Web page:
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Specialists at Moorfields Eye Hospital might not have staged a repeat of the biblical miracle of giving sight to the blind, but in medical terms what they have accomplished is almost as exciting.

Leber's Congenital Amaurosis leads to progressive loss of sight. It is caused by a single fault in a single gene.

Now, by injecting a solution containing the normal gene into the retina at the back of a sufferer's eye, researchers from Moorfields have managed to improve the patient's sight.

The successful result, the details of which are published today in the New England Journal of Medicine, will give hope to millions affected by eye diseases around the world. Inherited retinal degeneration affects one in 3,000 of the world's population.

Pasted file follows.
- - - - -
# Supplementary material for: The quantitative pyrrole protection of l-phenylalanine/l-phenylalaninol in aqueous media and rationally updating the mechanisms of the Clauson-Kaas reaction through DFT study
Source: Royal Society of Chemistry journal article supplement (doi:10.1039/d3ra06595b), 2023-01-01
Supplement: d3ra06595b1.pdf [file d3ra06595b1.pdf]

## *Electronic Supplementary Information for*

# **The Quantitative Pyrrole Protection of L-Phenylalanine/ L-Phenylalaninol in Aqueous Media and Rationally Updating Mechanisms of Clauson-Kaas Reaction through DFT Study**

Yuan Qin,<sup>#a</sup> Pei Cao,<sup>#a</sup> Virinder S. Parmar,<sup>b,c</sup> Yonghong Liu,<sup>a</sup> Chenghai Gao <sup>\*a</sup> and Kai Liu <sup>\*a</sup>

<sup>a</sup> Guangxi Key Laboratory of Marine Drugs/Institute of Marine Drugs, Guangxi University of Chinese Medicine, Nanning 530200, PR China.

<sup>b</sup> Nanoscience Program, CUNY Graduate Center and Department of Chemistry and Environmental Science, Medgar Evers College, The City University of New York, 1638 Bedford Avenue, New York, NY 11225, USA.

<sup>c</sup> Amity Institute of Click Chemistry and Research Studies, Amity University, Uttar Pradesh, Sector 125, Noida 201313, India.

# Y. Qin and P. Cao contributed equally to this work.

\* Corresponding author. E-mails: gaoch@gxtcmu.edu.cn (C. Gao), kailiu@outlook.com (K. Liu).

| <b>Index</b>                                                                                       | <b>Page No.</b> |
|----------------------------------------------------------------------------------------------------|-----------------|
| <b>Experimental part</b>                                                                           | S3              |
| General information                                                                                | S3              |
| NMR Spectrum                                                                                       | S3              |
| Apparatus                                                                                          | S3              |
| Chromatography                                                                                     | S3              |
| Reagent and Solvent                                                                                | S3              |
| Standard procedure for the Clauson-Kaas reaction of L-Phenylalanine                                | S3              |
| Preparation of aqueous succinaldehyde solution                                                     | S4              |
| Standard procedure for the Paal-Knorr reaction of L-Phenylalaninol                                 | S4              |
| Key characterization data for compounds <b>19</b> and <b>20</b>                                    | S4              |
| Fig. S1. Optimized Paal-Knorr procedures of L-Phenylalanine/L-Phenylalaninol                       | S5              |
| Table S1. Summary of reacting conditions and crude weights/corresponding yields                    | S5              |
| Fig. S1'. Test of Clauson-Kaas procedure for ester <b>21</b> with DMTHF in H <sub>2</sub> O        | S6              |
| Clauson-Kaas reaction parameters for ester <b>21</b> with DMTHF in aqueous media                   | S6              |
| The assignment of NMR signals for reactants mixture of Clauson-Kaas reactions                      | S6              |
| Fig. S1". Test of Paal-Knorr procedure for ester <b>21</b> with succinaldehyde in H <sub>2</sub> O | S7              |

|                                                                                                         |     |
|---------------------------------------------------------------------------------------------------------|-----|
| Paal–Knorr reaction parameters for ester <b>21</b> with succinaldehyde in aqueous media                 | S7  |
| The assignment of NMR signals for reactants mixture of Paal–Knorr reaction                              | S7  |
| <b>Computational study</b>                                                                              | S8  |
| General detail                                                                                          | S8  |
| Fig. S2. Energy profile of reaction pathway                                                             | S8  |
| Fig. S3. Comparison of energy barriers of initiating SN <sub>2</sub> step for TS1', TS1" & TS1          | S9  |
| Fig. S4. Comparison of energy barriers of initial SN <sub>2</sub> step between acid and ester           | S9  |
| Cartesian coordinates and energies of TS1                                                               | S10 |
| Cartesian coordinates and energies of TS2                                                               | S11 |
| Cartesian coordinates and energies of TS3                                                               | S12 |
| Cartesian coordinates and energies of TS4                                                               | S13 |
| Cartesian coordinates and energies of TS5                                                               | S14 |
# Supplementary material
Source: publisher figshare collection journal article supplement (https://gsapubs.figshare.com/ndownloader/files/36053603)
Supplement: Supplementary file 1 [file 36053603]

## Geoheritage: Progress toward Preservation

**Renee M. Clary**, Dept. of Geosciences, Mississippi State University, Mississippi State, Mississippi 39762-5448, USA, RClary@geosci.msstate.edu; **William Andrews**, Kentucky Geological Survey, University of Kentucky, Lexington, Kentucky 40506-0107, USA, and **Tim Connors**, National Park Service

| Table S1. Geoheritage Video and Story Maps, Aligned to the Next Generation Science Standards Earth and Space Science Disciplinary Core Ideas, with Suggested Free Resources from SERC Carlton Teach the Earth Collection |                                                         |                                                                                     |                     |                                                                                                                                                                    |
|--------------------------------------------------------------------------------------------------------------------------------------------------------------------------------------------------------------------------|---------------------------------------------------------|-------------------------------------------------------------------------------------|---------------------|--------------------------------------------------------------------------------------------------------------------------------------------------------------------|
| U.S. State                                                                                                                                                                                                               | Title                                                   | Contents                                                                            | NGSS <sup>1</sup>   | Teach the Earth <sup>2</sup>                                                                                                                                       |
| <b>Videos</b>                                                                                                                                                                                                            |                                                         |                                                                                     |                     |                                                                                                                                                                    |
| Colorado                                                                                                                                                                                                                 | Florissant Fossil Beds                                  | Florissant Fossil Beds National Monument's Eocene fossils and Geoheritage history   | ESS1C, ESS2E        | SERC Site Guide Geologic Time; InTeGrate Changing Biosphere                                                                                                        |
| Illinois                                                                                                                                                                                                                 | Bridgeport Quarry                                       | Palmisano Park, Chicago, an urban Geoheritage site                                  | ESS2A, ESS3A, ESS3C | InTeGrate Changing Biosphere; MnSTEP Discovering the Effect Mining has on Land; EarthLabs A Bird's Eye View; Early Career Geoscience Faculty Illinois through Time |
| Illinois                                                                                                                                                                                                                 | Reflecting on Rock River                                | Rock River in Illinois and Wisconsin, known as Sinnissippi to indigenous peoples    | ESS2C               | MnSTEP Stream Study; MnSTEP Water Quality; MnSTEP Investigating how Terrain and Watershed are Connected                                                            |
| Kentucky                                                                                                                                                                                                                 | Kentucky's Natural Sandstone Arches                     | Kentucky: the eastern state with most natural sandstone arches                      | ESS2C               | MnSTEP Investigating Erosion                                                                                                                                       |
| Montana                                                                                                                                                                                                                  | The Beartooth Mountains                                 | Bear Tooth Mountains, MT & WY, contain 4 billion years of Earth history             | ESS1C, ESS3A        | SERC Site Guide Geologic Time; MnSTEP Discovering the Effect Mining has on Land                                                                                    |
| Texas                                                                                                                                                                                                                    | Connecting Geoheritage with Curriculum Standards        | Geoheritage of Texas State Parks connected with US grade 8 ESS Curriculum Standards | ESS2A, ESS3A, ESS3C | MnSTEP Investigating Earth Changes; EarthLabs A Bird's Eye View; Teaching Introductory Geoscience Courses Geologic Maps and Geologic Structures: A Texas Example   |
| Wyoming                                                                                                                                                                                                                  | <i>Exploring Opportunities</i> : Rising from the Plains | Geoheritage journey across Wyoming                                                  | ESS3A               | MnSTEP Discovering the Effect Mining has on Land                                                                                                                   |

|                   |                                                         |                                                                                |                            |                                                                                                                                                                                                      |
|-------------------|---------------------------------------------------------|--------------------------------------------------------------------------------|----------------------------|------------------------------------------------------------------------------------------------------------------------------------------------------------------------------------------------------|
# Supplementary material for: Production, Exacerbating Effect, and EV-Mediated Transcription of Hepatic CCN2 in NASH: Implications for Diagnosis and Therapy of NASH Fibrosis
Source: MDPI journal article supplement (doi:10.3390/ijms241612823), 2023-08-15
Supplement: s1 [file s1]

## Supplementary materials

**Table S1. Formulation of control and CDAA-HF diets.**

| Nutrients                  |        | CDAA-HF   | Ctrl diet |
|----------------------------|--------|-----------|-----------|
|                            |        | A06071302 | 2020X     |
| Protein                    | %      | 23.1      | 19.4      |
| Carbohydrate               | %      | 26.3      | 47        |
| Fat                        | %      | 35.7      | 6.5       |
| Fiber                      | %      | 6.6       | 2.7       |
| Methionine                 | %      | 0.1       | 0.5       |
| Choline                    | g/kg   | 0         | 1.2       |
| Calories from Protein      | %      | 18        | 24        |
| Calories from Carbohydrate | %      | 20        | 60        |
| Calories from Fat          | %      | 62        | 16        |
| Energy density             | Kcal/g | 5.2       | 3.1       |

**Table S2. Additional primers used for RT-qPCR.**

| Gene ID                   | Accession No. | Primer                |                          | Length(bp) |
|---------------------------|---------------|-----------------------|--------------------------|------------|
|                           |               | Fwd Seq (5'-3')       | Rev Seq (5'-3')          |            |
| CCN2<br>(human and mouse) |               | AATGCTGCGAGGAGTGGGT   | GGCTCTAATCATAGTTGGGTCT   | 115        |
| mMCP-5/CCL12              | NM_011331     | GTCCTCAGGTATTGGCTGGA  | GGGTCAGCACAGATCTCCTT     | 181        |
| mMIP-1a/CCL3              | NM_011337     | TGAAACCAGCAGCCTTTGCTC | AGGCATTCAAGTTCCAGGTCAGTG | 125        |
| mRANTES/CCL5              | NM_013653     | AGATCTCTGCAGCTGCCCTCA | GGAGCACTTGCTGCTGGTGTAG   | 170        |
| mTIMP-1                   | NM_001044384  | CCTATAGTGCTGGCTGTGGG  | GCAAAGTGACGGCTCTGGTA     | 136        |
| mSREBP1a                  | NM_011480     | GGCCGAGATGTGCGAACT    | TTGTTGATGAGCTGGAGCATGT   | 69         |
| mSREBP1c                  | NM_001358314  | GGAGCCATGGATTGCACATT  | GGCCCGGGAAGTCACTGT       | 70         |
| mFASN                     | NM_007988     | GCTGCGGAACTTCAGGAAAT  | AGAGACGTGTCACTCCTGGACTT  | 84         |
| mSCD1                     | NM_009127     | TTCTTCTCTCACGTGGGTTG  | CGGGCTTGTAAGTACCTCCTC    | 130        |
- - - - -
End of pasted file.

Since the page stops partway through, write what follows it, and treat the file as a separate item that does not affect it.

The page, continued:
Because the scientists were being cautious, this experiment deliberately used a low dose and was tested on a patient suffering from a late stage of Leber's disease. Robin Ali, professor of human molecular genetics at the University College London's Institute of Ophthalmology, argues that "as we move to younger patients with an increased dose, we expect better results".

But this research has wider implications. It establishes more "proof of principle" for gene therapy. It suggests that inserting functioning genes into a patient's body can work in alleviating suffering.

This could open the door to treatment in several other conditions, including blood and immune disorders. Medical science does not work miracles, but who would deny that it can create hope where there was none before?

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